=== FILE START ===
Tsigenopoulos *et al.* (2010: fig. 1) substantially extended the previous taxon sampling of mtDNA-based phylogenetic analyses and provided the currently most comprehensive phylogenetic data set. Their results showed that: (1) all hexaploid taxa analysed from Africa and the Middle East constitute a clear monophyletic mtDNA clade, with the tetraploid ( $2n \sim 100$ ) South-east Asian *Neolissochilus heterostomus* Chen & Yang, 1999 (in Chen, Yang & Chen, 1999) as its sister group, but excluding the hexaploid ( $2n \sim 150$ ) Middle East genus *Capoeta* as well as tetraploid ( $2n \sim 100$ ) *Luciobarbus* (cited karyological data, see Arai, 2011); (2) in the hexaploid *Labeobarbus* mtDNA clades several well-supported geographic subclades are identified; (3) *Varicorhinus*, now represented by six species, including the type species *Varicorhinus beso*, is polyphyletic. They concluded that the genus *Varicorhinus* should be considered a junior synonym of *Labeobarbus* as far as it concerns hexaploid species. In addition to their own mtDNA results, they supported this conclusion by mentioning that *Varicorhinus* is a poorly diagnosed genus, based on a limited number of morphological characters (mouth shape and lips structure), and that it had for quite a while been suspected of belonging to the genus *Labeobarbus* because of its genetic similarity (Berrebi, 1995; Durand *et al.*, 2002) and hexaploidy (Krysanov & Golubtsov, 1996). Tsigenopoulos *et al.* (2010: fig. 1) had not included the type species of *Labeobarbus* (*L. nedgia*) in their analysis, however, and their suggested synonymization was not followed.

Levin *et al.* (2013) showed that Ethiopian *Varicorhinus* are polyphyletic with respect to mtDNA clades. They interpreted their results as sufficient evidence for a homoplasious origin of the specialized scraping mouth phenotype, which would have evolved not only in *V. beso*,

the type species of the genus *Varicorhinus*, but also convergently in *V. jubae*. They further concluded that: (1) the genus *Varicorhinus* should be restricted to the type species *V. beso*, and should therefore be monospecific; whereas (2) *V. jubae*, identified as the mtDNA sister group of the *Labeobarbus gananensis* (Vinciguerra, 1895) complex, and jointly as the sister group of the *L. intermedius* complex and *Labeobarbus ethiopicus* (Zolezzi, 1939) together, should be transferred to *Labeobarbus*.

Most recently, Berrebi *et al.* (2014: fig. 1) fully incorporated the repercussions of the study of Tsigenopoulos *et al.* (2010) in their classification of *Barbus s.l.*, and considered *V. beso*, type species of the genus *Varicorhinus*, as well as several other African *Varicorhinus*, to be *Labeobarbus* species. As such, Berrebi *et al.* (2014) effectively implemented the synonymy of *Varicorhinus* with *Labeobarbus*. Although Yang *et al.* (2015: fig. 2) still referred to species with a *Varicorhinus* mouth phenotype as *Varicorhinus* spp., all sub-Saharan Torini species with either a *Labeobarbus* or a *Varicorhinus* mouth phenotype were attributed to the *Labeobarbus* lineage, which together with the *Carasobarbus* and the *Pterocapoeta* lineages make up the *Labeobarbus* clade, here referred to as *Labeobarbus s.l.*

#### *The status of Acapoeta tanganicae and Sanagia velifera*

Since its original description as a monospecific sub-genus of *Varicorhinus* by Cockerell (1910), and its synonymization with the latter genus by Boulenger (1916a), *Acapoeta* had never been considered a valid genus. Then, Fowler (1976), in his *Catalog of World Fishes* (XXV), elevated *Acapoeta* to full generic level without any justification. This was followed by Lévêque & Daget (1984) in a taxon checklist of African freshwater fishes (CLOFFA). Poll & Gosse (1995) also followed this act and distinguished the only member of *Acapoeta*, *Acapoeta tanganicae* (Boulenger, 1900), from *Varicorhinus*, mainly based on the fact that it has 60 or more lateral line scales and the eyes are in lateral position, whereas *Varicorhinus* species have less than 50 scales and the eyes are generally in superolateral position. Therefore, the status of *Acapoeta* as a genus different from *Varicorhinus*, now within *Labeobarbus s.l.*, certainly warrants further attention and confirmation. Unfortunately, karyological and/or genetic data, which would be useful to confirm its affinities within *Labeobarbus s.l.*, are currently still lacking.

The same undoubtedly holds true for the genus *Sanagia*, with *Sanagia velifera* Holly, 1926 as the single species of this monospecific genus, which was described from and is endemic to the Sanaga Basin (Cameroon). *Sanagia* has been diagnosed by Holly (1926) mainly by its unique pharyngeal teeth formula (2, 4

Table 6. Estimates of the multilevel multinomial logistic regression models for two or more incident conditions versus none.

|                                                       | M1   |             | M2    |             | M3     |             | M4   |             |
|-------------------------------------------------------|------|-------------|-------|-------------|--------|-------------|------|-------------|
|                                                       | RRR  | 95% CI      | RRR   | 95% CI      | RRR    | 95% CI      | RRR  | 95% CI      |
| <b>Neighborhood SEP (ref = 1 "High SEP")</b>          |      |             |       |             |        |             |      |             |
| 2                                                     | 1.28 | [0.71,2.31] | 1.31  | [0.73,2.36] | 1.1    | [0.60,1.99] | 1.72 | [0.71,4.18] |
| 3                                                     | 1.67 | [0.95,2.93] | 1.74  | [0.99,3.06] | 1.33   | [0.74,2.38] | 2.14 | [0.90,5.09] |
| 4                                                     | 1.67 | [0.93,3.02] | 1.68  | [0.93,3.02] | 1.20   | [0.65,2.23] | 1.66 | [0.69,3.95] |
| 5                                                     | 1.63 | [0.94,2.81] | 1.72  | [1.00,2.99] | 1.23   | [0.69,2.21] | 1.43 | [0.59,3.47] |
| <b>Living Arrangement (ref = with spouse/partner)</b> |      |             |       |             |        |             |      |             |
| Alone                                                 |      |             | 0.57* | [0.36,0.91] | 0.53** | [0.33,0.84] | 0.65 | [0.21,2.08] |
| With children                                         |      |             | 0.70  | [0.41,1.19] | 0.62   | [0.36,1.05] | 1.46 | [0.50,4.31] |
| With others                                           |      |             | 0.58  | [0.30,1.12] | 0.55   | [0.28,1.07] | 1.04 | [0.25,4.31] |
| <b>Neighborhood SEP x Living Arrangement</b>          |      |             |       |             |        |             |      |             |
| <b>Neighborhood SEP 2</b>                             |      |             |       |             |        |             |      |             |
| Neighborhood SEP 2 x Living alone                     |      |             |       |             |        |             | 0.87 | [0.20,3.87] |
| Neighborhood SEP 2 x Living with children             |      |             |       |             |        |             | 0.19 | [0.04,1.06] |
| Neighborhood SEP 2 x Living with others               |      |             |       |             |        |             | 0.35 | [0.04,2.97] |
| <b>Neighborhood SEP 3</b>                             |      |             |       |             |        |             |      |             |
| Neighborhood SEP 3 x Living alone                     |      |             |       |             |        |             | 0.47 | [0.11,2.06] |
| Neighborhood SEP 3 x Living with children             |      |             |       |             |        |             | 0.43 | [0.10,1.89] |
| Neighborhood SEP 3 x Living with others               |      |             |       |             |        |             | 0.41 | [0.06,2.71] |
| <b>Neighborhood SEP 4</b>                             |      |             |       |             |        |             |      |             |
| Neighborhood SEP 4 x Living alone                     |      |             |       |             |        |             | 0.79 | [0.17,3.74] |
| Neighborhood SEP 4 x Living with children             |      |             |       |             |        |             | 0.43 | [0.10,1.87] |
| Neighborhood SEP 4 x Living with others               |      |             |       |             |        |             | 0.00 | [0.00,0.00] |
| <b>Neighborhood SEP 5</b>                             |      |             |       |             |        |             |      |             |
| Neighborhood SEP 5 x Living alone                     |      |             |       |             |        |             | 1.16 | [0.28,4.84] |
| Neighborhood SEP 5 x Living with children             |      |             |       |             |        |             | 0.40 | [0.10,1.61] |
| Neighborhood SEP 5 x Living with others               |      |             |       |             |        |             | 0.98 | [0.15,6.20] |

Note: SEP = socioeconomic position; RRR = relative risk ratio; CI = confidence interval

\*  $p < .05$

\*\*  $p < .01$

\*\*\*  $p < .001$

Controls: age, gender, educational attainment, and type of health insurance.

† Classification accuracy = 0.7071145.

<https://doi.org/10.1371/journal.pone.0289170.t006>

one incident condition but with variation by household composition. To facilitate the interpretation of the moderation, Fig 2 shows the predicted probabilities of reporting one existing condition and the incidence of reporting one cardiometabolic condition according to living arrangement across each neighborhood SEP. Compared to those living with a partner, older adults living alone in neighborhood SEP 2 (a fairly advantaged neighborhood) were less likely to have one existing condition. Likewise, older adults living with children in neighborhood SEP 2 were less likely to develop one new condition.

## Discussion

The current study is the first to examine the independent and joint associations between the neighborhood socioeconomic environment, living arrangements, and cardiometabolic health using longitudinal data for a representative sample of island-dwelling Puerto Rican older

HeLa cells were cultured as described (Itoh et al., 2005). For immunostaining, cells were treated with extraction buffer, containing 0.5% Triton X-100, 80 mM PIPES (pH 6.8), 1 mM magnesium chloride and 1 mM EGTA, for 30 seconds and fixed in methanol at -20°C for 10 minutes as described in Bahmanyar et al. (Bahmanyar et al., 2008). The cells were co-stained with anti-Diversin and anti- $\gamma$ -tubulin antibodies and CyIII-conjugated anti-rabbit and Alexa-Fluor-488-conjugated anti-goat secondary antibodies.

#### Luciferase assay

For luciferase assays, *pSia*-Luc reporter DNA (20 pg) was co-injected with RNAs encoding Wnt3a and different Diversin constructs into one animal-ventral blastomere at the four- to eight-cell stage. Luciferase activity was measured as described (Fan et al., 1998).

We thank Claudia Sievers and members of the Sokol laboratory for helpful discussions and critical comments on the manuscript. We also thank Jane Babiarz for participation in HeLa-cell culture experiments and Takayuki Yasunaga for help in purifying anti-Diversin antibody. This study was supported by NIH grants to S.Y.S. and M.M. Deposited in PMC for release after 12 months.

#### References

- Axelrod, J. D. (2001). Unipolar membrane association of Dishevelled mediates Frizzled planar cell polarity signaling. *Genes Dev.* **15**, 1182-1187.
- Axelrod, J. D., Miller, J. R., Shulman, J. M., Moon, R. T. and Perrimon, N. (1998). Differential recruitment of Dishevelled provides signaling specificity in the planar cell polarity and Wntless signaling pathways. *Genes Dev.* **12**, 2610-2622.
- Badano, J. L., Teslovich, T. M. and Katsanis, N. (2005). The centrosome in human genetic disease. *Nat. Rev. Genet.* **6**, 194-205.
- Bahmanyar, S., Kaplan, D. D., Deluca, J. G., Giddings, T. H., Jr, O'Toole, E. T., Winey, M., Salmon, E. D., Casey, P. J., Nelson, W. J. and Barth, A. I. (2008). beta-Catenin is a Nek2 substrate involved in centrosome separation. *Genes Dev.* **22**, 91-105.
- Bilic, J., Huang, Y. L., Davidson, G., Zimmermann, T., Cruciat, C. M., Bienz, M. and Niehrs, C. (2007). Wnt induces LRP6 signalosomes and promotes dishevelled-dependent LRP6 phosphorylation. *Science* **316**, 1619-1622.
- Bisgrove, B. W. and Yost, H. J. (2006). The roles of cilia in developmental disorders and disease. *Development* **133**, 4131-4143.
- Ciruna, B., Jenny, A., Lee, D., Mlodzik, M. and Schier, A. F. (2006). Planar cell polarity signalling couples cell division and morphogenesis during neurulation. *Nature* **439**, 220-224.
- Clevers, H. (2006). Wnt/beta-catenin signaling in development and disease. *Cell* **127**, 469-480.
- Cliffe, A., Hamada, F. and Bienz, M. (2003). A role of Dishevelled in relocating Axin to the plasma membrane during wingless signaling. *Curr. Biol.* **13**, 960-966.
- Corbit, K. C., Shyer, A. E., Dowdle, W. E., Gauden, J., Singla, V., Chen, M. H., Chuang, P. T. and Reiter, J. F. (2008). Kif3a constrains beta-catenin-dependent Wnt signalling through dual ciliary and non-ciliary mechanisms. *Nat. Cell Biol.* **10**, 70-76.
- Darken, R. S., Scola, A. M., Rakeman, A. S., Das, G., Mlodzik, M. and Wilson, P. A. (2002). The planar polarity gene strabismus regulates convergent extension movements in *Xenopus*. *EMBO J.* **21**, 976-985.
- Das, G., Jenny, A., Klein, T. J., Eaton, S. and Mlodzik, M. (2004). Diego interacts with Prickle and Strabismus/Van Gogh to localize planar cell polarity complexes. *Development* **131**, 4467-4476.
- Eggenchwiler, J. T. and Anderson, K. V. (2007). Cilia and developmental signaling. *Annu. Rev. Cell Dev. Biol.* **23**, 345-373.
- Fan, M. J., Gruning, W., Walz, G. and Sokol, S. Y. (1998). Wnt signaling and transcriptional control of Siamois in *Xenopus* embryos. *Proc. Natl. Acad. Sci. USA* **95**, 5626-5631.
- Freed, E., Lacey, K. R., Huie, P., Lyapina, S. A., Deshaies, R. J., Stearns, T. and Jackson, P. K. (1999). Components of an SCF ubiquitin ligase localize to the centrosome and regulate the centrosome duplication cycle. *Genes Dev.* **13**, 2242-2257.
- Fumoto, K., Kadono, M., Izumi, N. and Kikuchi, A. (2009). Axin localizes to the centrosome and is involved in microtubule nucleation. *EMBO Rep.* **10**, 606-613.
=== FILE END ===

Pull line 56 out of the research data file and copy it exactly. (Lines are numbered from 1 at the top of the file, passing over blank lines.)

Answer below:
- Bahmanyar, S., Kaplan, D. D., Deluca, J. G., Giddings, T. H., Jr, O'Toole, E. T., Winey, M., Salmon, E. D., Casey, P. J., Nelson, W. J. and Barth, A. I. (2008). beta-Catenin is a Nek2 substrate involved in centrosome separation. *Genes Dev.* **22**, 91-105.